Say to him, I pray you, but not reproachfully: Why do you make so long a stay 'in Yemen ? If you be in search of fortune (3) or if you have obtained her favours, what * sum have you received for neglecting the pilgrimage? ' “I immediately went to Maan and told him that it was my intention to “ make the pilgrimage, on which he asked me what could have induced me to “ form such a design, as I never before had spoken to him on the subject. I “ then related to him the circumstance and repeated Ibn Abi Rabia's verses, on “ which he provided me with the expenses of my journey and sent me off.” Ibn Juraij was born A.H. 80 (A.D. 699-700); he went to Baghdad to see Abů Jaafar al-Mansûr, and died A. H. 149 (A. D. 766); some say, 150 or 151.
(1) His life will be found in this work.
ABD AL-MALIK IBN OMAIR.
Abû Omar, and Abu Amr, Abd al-Malik Ibn Omair Ibn Suwaid, surnamed alKibti al-Farsi, was a member of the tribe of Lakhm and one of the principal inhabitants of Kûfa, where he filled the place of kâdi on the death of as-Shâbi. He ranked among the most distinguished of the Täbis and was also one of the most trustworthy as a transmitter of Traditions. He saw Ali Ibn Abi Talib and gave Traditions on the authority of Jabir Ibn Abd Allah (1). The following circumstance of his life is related by himself : “I was with Abd al-Malik Ibn Marwan " at the castle of Kûfa when the head of Musàb Ibn az-Zubair was brought in “and presented to him. On seeing me shudder, he asked me what was the
matter, and I replied : “May God preserve the Commander of the faithful! I so was in this castle, and in this very room, with Obaid Allah Ibn Ziâd when “the head of al-Husain the son of Ali Ibn Abi Talib was placed before him; “ “ I was then here with al-Mukhtar Ibn Abi Obaid ath-Thakafi, when Obaid " • Allah Ibn Ziad's head was brought to him ; I was here again when al-Mukh“tår's head was presented to Musâb Ibn az-Zubair, and behold now the head " of Musâb!' On hearing these words, Abd al-Malik rose from his place and “ ordered the pavilion in which we were to be levelled to the ground.” Ibn Omair was at one time taken ill, and a person sent his excuses for not going to visit him, on which he answered : “I cannot reproach a person for not visiting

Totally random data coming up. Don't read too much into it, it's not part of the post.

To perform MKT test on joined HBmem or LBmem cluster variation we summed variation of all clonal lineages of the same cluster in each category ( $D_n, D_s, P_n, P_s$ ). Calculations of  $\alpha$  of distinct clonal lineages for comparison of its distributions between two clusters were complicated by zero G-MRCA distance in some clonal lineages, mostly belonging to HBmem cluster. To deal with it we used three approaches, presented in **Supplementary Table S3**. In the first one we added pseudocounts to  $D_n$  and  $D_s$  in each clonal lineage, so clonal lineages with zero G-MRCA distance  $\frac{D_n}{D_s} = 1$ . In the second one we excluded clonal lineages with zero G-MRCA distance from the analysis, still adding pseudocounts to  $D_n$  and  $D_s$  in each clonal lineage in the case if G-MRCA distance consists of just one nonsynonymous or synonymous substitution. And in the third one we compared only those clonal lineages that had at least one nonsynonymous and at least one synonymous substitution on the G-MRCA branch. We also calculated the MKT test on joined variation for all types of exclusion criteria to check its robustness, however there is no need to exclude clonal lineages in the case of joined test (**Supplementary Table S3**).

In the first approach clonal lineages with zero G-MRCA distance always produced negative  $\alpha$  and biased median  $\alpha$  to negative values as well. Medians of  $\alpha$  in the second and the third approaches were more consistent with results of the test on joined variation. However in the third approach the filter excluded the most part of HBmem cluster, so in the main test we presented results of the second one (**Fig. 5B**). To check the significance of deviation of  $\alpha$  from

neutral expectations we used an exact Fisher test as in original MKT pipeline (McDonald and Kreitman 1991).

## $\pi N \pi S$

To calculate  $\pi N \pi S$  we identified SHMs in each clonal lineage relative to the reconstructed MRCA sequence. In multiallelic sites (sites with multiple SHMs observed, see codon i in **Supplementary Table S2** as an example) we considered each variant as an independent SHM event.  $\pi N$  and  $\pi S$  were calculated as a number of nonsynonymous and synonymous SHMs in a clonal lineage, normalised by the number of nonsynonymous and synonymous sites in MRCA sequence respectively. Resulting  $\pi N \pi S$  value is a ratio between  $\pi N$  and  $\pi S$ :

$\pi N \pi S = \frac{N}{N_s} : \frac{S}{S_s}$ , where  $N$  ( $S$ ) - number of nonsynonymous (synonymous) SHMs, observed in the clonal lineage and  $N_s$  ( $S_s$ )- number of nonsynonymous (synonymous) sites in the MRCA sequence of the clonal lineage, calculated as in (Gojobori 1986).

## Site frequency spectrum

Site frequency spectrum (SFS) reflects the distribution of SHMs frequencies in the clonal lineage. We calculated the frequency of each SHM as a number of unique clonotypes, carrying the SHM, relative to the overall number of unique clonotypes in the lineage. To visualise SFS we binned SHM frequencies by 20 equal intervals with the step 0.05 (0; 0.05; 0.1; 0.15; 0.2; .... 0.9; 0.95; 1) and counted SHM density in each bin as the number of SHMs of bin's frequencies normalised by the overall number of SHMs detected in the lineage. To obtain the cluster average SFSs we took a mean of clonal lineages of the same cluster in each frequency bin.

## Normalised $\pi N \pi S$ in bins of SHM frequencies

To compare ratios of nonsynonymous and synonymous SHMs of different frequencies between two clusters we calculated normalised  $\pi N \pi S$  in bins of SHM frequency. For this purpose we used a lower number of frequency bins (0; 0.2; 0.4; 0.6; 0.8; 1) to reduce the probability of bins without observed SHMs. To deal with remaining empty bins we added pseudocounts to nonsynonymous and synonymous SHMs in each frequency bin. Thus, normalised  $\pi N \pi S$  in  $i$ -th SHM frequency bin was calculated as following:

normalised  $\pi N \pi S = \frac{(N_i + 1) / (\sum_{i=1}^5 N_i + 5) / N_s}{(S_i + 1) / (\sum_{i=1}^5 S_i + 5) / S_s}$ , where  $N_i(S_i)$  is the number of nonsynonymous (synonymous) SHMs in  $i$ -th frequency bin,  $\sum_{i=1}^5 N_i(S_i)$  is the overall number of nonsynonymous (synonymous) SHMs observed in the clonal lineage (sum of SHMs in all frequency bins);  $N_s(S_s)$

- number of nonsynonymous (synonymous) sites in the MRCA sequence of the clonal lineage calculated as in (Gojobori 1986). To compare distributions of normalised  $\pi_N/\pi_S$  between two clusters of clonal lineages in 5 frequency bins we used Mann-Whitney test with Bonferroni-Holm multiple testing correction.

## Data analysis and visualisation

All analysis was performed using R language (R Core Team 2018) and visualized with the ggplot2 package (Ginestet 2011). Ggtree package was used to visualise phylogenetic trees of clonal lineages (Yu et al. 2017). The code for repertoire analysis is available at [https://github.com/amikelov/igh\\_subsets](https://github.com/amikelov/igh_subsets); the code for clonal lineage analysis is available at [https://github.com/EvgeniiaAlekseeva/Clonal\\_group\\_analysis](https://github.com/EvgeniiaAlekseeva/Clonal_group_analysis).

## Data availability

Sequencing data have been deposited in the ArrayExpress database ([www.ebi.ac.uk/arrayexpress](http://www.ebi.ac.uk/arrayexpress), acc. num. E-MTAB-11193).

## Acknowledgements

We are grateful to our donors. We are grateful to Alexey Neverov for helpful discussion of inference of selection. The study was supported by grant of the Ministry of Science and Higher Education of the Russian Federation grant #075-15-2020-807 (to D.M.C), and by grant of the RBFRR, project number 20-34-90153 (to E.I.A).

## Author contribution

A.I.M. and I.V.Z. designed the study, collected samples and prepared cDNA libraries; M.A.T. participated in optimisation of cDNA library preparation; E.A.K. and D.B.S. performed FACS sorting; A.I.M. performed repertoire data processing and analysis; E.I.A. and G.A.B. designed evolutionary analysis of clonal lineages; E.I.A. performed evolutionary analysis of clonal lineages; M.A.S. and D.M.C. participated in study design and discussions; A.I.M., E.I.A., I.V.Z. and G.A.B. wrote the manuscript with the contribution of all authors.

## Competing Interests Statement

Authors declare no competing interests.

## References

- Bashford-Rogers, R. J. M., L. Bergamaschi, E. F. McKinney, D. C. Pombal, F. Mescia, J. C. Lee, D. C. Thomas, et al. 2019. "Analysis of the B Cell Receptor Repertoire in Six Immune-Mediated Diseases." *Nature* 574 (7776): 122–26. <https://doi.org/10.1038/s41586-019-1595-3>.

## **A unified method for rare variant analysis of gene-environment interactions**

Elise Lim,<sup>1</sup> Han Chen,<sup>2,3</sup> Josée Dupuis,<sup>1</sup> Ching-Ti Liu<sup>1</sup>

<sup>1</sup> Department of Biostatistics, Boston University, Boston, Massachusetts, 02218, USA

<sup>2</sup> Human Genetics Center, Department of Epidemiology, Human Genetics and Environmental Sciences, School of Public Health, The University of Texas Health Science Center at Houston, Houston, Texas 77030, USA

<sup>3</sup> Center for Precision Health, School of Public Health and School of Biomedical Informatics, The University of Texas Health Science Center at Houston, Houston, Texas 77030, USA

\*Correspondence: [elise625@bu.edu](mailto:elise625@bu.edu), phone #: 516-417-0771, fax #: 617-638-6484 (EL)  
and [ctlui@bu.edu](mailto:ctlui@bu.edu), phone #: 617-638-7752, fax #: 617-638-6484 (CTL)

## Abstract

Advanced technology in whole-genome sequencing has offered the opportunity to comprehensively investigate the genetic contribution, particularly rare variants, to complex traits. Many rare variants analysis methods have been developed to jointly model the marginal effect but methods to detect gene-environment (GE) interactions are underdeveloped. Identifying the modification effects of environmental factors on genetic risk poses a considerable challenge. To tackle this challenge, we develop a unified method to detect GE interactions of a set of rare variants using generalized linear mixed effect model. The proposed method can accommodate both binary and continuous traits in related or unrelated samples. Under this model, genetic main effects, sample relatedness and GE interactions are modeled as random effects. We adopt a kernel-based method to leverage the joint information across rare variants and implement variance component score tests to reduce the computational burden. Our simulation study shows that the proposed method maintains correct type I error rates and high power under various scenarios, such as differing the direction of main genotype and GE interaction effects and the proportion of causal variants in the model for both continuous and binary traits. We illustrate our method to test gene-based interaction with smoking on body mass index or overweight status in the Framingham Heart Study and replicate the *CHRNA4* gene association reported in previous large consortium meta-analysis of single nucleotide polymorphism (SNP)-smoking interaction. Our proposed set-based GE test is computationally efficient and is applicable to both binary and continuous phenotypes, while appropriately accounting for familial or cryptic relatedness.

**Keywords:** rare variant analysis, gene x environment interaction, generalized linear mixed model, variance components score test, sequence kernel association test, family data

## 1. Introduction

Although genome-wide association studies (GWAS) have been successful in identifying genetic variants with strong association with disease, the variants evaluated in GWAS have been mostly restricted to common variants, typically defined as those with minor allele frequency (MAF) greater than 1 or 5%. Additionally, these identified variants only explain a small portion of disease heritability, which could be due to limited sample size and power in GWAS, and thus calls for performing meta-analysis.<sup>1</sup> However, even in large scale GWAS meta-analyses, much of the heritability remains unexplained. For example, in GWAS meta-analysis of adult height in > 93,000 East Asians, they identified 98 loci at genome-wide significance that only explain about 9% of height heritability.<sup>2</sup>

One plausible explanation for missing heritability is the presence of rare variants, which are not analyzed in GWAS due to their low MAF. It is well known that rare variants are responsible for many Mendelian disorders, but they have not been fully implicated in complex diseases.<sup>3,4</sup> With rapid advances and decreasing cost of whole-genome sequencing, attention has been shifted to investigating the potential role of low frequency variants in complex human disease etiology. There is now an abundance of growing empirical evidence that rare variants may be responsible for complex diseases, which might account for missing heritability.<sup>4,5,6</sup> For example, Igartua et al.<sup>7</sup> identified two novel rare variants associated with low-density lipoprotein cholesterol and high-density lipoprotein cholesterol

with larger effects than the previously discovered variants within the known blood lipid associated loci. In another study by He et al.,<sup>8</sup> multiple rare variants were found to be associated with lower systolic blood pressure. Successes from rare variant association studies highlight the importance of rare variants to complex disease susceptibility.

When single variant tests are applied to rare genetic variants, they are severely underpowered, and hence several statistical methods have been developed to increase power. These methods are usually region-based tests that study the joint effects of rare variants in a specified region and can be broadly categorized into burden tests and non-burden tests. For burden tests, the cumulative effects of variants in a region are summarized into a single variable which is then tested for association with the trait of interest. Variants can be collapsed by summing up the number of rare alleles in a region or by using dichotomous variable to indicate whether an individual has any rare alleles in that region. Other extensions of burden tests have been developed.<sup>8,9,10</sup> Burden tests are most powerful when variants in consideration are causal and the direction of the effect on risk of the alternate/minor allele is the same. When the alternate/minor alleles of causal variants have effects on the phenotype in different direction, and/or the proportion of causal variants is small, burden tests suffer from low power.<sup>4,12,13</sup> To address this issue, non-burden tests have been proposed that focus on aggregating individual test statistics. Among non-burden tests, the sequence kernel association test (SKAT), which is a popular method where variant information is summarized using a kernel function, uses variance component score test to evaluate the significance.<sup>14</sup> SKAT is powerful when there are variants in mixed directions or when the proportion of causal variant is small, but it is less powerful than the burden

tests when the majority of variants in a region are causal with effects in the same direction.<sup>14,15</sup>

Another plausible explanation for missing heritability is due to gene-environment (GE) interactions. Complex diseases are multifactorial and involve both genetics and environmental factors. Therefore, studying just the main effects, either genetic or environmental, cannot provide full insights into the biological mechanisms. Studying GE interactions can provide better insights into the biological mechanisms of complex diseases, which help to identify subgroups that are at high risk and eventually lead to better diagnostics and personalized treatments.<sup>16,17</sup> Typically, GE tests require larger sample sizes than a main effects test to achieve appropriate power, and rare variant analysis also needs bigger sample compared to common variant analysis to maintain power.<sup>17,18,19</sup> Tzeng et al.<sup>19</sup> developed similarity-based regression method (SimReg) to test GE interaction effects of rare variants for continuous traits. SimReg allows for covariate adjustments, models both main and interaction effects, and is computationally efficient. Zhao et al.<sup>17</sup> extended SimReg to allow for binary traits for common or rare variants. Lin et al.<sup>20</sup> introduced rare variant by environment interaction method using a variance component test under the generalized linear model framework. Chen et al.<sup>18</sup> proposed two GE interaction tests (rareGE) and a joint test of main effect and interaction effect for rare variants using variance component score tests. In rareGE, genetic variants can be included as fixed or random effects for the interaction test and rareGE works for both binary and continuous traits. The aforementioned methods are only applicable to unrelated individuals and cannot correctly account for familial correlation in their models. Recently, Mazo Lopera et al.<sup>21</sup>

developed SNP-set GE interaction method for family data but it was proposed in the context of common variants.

me, whom I myself should not go to visit were he sick.” He died on or about A. H. 136 (A. D. 753-4), aged 103 years.—The relative adjective Kibti is formed from Kibt; he possessed an excellent race-horse so called, and from this circumstance he derived his surname.— Farsi is derived from Fars (horse), and 401 was applied to him for the same reason.
(1) Abû Abd Allah Jabir Ibn Abd Allah Ibn Amr as-Sulami al-Ansari was a native of Medina and a Traditionist of great authority, having conversed with the Prophet. He died at his native place, A. H. 78 (A. D). 697-8) aged sixty-four years.-(Tab. al-Muhaddithin.)